Saint-Saëns’ Third Symphony, “With Organ”: Scaling the Summit

Following the completion of his Third Symphony in 1886, Camille Saint-Saëns made the following statement: I gave everything to it I was able to give. What I have here accomplished, I will never achieve again. Indeed, Symphony No. 3 in C minor takes us on an extraordinary dramatic journey which scales a mighty summit. It augments the sound world of the traditional orchestra with the addition of piano (four hands) and organ. …

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Disney’s Debt to Camille Saint-Saëns

Over the weekend, I played Camille Saint-Saëns’ The Carnival of the Animals, the zany chamber orchestra work which has found its way into the children’s canon alongside Prokofiev’s Peter and the Wolf and Britten’s Young Person’s Guide to the Orchestra. The suite’s thirteenth movement, The Swan, is surely Saint-Saëns’ most recognizable music, a reality which probably wouldn’t have pleased the French Romanticist. For Saint-Saëns, writing The Carnival of the Animals was lighthearted fun, and perhaps self-therapy, after an unsuccessful …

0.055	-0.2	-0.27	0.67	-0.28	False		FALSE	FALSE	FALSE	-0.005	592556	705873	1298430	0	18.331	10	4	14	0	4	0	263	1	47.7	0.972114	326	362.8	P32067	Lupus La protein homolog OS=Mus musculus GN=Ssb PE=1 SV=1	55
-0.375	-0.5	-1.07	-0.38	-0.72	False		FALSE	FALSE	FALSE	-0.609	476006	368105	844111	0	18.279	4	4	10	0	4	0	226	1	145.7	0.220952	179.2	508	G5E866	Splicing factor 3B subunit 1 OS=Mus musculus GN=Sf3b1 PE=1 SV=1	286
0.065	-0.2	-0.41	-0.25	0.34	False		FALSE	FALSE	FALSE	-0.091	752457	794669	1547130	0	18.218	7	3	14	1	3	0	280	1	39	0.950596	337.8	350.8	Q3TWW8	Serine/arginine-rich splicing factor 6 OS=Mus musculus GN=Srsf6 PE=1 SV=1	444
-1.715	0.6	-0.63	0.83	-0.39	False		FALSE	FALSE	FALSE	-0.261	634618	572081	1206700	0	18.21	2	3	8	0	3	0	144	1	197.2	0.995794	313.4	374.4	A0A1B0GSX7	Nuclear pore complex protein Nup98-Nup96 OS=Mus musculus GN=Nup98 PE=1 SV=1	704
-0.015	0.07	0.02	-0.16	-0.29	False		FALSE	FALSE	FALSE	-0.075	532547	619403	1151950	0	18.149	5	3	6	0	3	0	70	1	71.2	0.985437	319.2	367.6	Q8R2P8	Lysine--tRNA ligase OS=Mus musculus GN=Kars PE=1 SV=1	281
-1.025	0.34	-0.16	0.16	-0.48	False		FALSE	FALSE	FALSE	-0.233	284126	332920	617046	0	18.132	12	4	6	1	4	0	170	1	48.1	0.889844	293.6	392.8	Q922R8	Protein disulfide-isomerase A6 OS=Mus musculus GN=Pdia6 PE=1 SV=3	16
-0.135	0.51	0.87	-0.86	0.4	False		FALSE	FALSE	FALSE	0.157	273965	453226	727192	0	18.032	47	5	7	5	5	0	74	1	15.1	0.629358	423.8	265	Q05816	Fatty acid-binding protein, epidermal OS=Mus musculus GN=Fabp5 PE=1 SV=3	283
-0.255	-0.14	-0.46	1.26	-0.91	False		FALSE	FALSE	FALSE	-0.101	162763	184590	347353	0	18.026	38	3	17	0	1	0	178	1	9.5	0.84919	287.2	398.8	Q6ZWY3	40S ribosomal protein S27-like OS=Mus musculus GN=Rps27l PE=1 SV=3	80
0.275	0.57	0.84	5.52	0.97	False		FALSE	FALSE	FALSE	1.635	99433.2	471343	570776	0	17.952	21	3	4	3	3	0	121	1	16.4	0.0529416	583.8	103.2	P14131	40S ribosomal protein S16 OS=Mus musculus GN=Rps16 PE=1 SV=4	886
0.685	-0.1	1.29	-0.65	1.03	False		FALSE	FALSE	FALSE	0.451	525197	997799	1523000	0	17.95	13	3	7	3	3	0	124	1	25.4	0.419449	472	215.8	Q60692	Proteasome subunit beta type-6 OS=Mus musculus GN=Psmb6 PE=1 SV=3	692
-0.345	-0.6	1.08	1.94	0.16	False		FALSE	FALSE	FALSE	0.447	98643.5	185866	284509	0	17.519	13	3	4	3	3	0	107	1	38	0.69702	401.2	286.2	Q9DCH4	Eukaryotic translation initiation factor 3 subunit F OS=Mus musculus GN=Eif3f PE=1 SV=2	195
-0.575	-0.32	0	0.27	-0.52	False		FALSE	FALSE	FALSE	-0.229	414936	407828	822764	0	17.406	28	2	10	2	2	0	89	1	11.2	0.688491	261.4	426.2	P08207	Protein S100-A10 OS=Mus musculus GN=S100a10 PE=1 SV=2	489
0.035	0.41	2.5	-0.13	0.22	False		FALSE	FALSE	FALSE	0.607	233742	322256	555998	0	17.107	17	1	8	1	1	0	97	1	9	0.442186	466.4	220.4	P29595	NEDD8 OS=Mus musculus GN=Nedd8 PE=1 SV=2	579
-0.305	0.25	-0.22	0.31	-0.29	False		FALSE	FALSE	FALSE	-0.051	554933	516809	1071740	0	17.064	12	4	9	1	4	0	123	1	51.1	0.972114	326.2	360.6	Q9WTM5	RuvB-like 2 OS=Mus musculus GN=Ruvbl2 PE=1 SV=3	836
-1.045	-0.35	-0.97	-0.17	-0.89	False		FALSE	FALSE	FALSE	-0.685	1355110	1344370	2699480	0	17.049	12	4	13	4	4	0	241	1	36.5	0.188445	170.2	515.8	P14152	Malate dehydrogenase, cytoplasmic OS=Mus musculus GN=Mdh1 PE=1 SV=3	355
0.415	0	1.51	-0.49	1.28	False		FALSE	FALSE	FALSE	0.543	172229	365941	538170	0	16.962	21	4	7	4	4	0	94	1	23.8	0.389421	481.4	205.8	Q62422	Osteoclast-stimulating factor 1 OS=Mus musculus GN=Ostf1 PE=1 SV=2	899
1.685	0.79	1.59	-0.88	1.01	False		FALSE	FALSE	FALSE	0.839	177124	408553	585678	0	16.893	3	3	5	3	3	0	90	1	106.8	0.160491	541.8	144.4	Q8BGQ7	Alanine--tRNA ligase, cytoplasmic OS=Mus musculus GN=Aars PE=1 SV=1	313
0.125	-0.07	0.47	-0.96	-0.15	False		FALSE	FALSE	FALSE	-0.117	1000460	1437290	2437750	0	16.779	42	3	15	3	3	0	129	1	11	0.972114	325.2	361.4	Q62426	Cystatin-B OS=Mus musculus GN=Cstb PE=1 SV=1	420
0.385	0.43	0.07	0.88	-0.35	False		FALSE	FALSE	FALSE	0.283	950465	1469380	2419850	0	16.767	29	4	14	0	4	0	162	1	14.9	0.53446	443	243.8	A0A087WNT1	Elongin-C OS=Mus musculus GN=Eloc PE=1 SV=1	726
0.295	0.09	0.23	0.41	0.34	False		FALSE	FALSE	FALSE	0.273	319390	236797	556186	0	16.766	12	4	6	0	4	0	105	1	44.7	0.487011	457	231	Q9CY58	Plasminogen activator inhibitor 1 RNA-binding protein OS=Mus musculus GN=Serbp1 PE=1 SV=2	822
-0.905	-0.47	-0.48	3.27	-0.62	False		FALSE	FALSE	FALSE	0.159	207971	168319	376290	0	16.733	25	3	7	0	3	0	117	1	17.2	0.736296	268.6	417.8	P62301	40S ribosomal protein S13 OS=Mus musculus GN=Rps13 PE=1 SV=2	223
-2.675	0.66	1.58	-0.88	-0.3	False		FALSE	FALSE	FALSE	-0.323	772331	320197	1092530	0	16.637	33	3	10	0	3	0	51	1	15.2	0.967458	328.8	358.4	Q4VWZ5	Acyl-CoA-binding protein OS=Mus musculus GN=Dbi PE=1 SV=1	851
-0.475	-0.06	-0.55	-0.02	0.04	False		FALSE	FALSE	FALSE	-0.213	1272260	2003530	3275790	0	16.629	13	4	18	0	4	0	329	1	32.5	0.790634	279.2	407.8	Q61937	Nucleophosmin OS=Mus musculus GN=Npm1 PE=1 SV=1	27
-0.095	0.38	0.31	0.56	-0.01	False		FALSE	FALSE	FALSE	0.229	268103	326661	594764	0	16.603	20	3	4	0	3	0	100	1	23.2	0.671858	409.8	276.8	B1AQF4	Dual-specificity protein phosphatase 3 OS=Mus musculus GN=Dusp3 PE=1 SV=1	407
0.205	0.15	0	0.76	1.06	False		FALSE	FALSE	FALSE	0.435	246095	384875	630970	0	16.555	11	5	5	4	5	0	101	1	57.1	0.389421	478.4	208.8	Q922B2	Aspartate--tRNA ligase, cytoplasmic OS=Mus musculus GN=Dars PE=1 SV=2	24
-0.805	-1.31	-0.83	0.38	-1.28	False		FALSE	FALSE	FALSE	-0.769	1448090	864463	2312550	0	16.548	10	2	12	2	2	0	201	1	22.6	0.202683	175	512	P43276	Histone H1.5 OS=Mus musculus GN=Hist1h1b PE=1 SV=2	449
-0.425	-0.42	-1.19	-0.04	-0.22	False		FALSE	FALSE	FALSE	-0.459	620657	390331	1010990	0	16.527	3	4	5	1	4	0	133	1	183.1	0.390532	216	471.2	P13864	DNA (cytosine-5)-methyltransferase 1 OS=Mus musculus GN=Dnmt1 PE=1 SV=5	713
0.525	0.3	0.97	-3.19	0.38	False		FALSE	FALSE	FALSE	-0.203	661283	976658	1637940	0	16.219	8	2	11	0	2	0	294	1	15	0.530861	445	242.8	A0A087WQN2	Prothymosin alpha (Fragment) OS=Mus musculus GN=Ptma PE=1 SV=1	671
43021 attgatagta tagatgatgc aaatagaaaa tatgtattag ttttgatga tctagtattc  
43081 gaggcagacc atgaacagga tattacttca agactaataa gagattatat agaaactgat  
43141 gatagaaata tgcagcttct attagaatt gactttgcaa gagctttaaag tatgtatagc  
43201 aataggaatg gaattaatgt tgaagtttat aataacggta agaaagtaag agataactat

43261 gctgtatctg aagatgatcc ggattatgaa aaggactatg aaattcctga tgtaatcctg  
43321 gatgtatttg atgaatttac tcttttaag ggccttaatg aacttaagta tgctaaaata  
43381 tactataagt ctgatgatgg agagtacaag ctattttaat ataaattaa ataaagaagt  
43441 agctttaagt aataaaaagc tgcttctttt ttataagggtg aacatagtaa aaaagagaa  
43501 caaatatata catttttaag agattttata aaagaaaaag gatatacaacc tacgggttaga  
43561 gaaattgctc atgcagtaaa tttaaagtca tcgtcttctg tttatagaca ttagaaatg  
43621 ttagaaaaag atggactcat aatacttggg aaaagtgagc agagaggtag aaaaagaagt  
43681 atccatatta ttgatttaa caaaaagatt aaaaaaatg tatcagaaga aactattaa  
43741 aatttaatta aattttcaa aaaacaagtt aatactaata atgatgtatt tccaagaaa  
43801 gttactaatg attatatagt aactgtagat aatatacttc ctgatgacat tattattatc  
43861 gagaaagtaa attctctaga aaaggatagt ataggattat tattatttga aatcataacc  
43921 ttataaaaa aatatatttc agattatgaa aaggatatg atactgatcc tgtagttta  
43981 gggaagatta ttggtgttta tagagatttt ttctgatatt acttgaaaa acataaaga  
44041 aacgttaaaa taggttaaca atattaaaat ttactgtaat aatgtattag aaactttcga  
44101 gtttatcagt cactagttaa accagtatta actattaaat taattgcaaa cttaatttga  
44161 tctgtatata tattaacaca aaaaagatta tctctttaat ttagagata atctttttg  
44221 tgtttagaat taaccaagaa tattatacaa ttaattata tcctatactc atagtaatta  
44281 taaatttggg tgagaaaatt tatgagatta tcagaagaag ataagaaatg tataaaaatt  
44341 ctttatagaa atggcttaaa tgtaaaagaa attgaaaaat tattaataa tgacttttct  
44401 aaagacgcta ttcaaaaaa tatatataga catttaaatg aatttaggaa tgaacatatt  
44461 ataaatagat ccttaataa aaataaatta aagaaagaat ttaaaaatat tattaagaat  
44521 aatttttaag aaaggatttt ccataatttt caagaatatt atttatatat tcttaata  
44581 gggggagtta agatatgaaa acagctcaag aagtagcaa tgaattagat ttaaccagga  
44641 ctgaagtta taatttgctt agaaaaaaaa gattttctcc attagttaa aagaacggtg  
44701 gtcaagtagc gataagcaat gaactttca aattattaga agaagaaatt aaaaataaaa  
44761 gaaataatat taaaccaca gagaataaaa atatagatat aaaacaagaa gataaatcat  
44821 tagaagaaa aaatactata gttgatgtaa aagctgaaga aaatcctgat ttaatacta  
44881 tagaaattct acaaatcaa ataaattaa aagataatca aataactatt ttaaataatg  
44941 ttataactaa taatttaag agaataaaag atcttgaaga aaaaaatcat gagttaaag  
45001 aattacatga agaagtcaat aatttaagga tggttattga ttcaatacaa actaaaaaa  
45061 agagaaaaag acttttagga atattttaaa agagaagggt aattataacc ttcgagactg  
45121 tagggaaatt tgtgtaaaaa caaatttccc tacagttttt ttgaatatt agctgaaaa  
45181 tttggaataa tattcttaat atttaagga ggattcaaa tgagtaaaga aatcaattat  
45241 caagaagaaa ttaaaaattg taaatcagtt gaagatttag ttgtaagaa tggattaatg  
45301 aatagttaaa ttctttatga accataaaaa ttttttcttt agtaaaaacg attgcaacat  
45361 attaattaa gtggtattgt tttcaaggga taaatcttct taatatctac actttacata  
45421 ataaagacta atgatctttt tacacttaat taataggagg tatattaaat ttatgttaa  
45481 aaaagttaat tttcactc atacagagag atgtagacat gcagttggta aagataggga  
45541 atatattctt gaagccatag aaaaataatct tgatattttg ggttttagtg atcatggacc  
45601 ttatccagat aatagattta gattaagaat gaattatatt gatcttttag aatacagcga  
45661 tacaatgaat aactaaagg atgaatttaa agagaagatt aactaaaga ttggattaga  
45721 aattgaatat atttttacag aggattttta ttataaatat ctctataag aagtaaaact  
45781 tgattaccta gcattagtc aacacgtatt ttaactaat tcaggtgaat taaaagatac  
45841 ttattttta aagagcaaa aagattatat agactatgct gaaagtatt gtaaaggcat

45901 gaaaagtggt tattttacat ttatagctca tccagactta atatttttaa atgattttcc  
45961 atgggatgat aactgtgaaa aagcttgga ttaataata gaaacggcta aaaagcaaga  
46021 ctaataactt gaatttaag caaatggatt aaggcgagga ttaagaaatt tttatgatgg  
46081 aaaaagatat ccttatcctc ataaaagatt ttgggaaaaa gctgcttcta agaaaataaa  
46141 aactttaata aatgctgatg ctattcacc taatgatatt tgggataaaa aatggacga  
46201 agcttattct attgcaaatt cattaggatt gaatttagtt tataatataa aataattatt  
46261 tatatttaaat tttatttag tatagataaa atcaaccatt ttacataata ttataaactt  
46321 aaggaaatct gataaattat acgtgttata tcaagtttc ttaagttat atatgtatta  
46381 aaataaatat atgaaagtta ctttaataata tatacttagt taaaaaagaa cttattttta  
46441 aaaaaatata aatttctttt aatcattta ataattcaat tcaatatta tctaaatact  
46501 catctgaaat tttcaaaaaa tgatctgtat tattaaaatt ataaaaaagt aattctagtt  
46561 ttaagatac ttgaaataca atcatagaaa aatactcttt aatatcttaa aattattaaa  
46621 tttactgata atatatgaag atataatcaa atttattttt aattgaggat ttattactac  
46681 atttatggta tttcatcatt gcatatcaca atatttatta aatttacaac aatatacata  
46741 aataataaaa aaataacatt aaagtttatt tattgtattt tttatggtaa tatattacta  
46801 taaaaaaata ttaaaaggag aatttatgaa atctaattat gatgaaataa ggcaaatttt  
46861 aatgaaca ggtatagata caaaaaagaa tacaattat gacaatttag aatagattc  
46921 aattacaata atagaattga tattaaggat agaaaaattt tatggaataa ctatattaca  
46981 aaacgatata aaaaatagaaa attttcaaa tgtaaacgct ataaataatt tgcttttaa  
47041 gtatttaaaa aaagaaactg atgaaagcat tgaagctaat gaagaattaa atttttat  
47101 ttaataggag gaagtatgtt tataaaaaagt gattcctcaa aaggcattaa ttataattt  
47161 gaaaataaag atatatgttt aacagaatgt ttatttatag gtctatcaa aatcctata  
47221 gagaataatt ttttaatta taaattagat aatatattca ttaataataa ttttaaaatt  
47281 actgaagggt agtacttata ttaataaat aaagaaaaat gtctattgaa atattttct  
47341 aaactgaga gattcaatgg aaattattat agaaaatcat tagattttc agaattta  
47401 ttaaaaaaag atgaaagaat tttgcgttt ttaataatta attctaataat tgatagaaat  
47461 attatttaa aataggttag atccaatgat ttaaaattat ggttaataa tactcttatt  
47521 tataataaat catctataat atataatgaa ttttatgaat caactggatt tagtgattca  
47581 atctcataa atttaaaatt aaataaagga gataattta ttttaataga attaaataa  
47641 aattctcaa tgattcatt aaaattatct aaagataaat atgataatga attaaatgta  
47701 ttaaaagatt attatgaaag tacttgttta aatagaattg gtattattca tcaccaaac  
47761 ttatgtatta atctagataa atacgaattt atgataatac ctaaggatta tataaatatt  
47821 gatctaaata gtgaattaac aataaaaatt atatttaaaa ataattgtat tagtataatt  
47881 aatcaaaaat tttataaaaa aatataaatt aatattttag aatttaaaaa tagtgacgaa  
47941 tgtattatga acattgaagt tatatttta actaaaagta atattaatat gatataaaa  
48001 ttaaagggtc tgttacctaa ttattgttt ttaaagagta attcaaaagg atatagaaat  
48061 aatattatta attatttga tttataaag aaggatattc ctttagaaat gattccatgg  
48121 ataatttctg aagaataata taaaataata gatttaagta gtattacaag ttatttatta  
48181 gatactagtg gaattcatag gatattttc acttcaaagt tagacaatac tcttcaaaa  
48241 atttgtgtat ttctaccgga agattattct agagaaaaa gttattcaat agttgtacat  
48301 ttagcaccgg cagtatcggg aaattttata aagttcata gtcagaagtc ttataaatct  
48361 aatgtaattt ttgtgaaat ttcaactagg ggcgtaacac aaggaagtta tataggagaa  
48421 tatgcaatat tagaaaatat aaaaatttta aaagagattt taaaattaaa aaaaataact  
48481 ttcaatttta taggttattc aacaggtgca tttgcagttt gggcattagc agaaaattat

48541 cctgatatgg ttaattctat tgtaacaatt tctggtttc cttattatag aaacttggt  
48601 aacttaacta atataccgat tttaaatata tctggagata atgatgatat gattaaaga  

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The Baltimore Symphony Turns 100

Tomorrow marks the 100th anniversary of the Baltimore Symphony Orchestra. Following a few seasons of informal performances in the 1890s, the orchestra played its first official concert on February 11, 1916. It began as the country’s first municipal orchestra, funded for 26 years by the City of Baltimore. In 1942, the BSO separated from the City to become an independent entity. The Baltimore Symphony’s season-long celebration includes a concert tomorrow featuring Joshua …

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